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Invasive Species by K. Klein

Invasive Species in the Rouge

Friends of the Rouge promotes collaborative efforts across the 48 Rouge communities to improve habitat quality. Part of that effort includes responsible management of invasive species. Invasive species, introduced from all across the world, often cause harm in a variety of ways.

  • Typically, they outcompete native plants and animals, harming the web of life that depends upon native species.
  • Sometimes they also harm tourism, fisheries, and other forms of economic development.
  • More often, we notice the aesthetics: once open, scenic natural areas now closed in by a dense cover of invasive shrubs, or beaches washed-up with dead alewives.

Resources:  Cooperative Invasive Species Management Areas:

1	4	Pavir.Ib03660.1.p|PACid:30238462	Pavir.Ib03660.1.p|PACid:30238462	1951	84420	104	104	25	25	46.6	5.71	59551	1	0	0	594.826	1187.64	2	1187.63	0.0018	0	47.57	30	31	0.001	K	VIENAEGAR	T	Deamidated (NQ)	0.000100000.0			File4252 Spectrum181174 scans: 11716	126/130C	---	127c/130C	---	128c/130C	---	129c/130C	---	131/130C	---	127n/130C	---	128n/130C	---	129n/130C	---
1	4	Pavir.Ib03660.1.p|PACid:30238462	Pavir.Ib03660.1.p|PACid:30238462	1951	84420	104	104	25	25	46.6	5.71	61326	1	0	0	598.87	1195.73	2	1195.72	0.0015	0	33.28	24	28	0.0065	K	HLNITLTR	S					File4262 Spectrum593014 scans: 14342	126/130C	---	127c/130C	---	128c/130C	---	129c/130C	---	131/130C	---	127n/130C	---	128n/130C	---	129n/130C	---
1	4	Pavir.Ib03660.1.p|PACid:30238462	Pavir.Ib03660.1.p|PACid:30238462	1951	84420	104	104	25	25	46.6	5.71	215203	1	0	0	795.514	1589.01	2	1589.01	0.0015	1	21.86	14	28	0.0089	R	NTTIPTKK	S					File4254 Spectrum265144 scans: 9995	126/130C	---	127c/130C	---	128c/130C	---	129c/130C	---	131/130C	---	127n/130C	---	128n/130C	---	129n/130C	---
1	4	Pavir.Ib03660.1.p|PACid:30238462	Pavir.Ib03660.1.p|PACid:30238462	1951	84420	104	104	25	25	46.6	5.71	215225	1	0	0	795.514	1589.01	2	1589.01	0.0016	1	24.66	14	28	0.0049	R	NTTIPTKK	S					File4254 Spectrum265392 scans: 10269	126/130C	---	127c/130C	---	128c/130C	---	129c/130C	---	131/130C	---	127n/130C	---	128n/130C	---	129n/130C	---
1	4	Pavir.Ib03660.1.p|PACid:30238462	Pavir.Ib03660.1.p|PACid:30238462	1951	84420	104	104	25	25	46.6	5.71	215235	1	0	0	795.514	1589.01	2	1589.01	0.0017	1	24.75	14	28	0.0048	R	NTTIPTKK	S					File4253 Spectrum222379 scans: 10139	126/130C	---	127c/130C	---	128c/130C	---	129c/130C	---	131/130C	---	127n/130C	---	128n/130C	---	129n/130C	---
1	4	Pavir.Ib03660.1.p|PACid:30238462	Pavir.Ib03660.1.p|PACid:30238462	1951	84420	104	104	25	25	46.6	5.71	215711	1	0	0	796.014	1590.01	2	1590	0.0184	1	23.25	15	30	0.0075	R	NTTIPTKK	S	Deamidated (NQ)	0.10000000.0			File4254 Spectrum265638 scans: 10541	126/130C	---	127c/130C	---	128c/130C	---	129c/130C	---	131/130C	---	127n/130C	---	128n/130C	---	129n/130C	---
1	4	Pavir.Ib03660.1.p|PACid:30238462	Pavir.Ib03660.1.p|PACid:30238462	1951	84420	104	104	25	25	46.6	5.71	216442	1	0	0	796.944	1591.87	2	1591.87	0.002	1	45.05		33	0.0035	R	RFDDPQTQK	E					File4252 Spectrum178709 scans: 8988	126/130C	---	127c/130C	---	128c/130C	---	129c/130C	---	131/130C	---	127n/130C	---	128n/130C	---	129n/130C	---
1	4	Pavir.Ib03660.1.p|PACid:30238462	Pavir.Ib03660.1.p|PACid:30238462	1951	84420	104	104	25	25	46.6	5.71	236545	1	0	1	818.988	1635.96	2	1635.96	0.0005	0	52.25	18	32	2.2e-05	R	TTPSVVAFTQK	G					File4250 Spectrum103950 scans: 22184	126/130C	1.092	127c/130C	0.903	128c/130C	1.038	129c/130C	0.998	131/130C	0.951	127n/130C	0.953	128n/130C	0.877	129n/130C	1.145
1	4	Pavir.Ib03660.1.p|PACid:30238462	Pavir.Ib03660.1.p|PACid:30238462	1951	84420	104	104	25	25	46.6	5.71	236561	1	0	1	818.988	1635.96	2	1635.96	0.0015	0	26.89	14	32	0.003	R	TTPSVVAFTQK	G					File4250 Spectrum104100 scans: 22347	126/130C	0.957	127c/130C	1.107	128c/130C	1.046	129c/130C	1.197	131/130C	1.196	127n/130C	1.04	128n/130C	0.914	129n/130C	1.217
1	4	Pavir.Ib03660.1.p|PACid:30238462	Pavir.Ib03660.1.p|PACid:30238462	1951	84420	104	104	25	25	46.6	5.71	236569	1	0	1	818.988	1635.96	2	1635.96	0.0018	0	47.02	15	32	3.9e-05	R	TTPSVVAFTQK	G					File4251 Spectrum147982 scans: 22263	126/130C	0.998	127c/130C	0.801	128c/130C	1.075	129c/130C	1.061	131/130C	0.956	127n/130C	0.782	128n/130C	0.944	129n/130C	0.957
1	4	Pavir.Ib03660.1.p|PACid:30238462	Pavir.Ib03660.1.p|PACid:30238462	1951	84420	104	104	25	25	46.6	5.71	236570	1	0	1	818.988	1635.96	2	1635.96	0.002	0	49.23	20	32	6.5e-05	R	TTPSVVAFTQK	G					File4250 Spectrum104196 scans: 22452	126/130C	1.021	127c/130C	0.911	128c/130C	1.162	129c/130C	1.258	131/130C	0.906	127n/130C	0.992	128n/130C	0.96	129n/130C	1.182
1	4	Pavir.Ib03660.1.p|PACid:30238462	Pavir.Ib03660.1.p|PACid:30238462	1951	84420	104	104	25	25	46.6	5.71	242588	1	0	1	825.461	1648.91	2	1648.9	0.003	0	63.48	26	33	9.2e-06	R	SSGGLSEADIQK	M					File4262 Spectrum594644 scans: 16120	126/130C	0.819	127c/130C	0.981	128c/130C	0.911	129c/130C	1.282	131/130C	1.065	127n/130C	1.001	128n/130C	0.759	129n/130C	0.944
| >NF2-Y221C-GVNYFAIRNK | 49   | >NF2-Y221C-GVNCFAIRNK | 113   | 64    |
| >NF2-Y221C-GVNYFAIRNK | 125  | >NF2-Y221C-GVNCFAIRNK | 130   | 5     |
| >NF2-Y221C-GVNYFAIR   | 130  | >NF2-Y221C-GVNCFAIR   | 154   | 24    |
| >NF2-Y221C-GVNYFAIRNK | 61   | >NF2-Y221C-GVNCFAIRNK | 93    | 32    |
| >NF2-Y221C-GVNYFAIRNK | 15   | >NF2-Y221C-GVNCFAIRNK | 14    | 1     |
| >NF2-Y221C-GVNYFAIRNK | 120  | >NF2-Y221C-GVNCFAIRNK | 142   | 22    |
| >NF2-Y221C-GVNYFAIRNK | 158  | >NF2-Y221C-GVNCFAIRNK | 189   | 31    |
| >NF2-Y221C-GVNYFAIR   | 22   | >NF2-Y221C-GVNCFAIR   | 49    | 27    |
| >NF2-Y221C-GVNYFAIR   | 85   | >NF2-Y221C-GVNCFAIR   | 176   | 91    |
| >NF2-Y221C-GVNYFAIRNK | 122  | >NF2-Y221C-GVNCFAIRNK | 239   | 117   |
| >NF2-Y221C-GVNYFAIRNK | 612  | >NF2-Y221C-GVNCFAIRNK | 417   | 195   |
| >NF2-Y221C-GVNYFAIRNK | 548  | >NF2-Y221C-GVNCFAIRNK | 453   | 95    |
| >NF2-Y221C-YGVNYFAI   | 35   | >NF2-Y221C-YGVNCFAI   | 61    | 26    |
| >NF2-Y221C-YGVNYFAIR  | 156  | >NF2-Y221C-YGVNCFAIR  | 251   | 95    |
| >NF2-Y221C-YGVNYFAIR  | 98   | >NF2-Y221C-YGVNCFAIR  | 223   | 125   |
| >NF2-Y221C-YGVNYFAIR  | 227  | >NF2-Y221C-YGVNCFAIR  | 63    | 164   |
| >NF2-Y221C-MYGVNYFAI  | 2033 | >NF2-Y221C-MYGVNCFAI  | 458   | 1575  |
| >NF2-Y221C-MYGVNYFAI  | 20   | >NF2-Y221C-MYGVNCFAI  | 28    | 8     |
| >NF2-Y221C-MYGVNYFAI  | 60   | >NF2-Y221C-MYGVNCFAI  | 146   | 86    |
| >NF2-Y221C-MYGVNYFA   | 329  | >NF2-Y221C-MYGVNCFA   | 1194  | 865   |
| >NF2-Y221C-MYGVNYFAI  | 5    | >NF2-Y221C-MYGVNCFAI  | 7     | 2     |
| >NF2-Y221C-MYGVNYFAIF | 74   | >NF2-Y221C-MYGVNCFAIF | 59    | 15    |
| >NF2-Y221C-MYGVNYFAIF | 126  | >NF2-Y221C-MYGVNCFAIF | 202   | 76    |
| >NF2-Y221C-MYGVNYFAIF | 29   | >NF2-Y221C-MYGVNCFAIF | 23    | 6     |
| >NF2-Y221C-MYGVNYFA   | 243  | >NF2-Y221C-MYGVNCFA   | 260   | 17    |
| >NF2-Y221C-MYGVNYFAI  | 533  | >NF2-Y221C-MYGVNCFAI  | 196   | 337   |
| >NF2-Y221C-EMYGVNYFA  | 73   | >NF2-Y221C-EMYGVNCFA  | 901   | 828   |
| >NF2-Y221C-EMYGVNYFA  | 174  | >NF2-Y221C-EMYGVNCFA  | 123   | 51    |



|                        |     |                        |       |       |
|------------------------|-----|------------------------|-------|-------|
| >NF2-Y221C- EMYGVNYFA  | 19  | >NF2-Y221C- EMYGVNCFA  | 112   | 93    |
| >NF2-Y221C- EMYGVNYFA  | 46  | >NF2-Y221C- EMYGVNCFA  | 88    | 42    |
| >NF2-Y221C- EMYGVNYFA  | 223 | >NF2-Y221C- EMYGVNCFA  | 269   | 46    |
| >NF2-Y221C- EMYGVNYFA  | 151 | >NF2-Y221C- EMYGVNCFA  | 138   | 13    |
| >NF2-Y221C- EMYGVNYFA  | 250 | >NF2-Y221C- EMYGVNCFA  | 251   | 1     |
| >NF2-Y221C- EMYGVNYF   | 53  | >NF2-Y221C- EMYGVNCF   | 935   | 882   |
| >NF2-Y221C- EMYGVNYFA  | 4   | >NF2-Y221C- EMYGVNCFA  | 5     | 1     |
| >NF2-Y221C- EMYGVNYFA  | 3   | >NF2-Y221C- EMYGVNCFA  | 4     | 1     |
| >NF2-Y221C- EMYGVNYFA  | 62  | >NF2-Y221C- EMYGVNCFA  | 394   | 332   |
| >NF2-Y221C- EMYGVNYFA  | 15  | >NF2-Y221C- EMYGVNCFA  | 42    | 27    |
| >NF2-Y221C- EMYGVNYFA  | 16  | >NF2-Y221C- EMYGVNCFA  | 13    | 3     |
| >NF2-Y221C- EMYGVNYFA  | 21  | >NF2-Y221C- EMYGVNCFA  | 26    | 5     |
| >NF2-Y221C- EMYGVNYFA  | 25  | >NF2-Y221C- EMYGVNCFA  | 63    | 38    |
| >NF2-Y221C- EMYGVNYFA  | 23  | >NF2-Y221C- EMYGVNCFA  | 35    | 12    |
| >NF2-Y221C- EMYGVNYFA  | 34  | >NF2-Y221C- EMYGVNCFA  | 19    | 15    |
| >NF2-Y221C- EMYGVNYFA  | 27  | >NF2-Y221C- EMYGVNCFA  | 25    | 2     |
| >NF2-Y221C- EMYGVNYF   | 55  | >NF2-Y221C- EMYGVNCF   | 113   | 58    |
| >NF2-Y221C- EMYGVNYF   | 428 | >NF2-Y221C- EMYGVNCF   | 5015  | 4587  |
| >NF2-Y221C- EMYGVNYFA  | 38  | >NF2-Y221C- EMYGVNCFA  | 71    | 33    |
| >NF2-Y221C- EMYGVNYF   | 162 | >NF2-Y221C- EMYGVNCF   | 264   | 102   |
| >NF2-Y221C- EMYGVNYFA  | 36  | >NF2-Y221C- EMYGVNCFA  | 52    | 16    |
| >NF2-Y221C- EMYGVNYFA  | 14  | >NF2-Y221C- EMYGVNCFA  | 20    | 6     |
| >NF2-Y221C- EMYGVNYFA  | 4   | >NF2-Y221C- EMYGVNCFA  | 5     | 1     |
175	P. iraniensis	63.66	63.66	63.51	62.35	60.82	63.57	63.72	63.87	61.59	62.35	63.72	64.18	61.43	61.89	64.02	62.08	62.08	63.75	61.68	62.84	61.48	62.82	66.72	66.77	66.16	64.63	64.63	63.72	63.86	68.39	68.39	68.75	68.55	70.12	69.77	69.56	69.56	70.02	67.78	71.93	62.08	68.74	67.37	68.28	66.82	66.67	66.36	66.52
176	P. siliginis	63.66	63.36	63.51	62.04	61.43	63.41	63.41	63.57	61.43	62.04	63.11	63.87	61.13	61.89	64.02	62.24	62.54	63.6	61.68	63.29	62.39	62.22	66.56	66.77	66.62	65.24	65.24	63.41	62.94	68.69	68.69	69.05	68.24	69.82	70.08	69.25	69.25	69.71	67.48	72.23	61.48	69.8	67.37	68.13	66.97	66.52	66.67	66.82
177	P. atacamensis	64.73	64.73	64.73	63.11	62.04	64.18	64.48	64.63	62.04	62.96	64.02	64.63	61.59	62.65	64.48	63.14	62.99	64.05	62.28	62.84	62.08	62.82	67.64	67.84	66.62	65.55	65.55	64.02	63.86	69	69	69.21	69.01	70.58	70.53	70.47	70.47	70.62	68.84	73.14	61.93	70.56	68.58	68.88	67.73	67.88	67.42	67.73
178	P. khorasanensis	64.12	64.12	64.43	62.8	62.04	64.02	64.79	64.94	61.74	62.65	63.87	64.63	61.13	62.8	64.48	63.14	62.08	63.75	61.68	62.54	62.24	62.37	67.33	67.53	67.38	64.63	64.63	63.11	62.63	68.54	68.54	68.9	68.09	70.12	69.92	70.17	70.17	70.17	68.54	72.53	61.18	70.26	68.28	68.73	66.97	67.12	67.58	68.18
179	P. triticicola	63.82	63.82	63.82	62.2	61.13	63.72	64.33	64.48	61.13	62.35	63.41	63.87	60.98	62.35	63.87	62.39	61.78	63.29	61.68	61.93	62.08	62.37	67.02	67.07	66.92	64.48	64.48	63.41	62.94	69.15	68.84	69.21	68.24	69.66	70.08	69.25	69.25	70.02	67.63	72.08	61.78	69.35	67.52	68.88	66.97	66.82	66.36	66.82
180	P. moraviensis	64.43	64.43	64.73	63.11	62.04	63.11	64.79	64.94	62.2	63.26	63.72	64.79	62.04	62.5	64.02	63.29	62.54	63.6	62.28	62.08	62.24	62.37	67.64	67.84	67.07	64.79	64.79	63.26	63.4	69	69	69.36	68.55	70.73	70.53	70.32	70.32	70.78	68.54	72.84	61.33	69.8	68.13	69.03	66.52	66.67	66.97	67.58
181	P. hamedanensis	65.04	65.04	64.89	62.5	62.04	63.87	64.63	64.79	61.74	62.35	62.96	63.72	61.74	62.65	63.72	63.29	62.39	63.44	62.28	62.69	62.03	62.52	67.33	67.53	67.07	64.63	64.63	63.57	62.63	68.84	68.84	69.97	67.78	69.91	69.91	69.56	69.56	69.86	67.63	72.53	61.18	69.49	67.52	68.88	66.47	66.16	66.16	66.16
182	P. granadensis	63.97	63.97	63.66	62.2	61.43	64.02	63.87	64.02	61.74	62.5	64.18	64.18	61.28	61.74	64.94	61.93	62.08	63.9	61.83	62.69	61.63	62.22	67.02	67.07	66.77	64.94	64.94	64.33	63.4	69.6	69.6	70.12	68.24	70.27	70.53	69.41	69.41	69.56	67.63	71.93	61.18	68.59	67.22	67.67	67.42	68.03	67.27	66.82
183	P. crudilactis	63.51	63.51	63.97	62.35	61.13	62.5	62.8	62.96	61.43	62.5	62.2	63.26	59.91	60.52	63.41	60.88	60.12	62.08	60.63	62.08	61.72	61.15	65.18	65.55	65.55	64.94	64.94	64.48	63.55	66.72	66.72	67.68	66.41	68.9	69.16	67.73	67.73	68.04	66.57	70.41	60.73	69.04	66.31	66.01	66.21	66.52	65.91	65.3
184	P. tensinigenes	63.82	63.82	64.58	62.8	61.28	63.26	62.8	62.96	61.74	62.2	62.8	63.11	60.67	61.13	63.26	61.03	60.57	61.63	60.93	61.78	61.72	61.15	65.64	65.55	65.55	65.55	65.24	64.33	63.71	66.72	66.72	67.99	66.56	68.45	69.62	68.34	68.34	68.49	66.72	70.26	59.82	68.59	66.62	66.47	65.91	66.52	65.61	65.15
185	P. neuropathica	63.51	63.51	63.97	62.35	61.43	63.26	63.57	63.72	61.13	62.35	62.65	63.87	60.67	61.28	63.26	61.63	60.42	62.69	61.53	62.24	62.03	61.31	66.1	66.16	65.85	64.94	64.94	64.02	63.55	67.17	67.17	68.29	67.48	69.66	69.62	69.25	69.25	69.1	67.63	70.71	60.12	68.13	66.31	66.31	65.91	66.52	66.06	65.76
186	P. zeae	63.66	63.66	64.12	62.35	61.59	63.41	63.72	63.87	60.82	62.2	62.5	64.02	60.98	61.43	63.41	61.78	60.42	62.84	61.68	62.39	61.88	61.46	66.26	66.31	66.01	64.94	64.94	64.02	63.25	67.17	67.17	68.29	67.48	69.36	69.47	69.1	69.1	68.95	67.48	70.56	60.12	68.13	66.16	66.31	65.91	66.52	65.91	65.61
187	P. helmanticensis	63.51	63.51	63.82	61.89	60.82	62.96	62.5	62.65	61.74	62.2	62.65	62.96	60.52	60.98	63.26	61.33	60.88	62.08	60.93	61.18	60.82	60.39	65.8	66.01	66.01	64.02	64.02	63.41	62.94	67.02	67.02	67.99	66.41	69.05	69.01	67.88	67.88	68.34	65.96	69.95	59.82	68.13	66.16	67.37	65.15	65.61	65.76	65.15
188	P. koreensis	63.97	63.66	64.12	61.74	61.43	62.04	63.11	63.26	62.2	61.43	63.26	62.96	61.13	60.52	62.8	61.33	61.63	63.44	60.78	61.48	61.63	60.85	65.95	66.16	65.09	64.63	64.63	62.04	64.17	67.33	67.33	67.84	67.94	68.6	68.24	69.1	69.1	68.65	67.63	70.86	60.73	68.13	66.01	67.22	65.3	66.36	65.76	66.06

Cooperative Invasive Species Management Areas (CISMAs), are groups of non-profit and government agencies, businesses and volunteers that have come together to tackle the issue of invasive species in their regions. CISMAs can offer a range of services including information on preventing, identifying, reporting and managing invasive species. Some CISMAs provide management assistance to private landowners. In the Rouge River watershed, the Oakland County CISMA is very active and Friends of the Rouge is a partner.

Take Action—Aquatic Invasives

Rusty Swamp Crayfish in Novi Detention Pond. Photo by Michigan Department of Natural Resources